Great news for indie authors out there! Amazon recently launched Kindle Indie Books, a store front exclusively featuring indie authors.
As a reader, this is very exciting. I love to read and support indie authors, but I’ve always had trouble finding them in the search engines. Now I have a whole storefront to visit. It’s very easy to browse by category and genre. Indie books also have a reputation for being inexpensive. My guess is that customers will start visiting this storefront regularly to find bargain books. This all spells success for indie authors. This offers us a greater chance to be found by our audience.
The downside of all this? I bought a Nook a few months ago. I can only hope Barnes and Noble will do something like this soon!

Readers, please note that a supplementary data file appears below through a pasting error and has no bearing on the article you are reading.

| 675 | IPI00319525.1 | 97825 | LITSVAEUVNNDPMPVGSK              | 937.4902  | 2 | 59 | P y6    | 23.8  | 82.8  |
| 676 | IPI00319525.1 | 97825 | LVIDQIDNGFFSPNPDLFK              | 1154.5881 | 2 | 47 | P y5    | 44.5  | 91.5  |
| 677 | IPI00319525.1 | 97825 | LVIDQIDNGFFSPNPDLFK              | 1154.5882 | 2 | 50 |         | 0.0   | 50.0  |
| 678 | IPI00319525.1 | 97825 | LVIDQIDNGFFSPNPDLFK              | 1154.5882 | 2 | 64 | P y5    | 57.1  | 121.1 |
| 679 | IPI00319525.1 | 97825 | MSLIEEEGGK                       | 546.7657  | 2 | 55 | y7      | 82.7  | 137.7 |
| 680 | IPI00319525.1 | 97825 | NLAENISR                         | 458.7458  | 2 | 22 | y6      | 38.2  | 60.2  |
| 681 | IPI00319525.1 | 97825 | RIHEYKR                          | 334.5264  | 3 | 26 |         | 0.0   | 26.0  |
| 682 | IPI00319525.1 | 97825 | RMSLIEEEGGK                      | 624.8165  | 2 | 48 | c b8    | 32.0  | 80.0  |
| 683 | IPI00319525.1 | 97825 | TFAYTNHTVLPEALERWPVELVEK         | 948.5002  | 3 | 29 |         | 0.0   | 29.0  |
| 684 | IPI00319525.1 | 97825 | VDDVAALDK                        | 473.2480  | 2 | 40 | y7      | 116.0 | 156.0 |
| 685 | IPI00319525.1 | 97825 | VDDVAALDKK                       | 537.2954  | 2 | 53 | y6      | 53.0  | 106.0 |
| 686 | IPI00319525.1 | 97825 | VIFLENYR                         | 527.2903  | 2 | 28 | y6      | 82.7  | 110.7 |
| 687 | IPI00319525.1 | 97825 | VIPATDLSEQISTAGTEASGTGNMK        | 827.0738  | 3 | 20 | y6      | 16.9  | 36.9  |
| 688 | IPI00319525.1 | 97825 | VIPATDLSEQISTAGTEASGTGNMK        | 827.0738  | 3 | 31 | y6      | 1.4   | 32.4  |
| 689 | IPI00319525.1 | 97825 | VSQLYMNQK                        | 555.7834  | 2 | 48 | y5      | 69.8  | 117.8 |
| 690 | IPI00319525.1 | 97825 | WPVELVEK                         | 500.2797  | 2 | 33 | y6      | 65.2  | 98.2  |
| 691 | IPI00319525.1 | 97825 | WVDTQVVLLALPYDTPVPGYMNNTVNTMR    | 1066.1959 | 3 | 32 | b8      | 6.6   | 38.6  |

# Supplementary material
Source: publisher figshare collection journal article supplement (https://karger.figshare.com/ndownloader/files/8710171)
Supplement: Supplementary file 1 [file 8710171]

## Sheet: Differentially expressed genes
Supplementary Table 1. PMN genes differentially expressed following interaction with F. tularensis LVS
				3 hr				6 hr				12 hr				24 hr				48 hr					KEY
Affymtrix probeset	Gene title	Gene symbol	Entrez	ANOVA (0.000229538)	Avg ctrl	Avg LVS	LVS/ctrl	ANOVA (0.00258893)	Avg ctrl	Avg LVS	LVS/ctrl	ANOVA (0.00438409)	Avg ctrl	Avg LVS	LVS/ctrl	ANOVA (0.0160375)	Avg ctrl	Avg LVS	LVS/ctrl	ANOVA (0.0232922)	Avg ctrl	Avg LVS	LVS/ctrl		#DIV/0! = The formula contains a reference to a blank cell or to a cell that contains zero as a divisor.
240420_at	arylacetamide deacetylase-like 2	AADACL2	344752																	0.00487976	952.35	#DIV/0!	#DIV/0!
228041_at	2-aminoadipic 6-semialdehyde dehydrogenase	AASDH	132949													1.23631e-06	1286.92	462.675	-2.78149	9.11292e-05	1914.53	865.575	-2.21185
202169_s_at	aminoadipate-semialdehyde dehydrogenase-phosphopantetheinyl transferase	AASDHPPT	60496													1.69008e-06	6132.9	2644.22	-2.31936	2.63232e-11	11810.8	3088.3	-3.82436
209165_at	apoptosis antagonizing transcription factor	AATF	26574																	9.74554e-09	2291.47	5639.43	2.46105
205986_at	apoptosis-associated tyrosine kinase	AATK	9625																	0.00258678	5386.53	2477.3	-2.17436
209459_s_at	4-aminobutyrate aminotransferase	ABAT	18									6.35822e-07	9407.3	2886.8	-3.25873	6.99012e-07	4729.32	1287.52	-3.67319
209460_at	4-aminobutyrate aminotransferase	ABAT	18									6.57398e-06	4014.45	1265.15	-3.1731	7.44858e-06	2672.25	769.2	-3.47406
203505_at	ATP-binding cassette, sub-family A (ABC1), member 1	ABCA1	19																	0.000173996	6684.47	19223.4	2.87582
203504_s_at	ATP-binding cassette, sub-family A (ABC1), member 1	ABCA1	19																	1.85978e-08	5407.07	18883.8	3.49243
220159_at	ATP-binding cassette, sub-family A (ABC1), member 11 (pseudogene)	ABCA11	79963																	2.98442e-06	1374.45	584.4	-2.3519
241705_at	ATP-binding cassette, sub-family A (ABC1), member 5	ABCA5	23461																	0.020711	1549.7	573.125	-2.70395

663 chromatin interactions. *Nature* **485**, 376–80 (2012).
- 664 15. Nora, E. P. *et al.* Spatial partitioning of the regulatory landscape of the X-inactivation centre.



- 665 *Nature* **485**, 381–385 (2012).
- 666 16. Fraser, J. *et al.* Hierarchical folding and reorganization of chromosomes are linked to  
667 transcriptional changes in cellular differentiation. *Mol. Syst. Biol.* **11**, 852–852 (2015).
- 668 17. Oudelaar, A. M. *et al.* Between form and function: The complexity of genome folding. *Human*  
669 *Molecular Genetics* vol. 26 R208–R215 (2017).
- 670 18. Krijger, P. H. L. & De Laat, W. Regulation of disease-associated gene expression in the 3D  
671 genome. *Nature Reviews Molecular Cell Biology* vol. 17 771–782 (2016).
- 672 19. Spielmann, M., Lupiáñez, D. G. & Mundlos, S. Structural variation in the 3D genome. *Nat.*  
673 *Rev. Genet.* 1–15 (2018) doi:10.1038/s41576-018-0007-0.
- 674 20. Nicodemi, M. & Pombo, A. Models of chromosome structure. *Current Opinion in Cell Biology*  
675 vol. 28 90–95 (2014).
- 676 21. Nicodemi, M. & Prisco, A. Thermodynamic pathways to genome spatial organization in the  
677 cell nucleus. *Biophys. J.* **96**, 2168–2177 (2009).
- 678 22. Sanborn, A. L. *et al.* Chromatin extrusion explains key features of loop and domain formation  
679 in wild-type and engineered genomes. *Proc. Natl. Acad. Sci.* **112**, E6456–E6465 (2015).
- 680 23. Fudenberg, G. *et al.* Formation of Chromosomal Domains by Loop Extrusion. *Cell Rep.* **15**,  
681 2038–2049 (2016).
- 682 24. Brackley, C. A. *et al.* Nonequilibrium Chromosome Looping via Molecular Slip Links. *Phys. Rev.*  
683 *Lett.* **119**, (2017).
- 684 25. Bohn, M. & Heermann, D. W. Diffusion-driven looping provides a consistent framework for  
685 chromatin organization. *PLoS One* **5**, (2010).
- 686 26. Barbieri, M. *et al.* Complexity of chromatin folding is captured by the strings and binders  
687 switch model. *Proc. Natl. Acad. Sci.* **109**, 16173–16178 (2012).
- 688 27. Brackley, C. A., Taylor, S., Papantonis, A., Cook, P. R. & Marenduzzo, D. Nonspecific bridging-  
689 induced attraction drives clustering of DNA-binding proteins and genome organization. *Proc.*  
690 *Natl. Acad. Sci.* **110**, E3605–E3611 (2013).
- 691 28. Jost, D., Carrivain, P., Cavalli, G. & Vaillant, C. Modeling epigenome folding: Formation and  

What are your thoughts on Amazon’s Kindle Indie Books?
I’ve had the pleasure of knowing Rob Loughran for close to 10 years. During that time he’s been a mentor, a cheerleader, and a friend. You can learn more about Rob and his life-long career as a writer on his website. I’m pleased to bring you his guest post:
“HEY, DO YOU KNOW YOUR JOKEBOOK IS ON KINDLE?”
Transport of the mails, transport of the human voice, transport of flickering pictures—in this century, as in others, our highest accomplishments have the single aim of bringing men together. —Antoine de Saint-Exupery (1900-1945)
Last night at the restaurant where I work (www.farmhouseinn.com) a former busgirl dined with her mother. Kate, 22, a student atChicoStateUniversitygrew up in a wired world and texting etc. is second-nature to her: it is something natural and normal for her generation. After “Hiyas” and “Whazzups” she said, “Hey, do you know your jokebook is on Kindle?”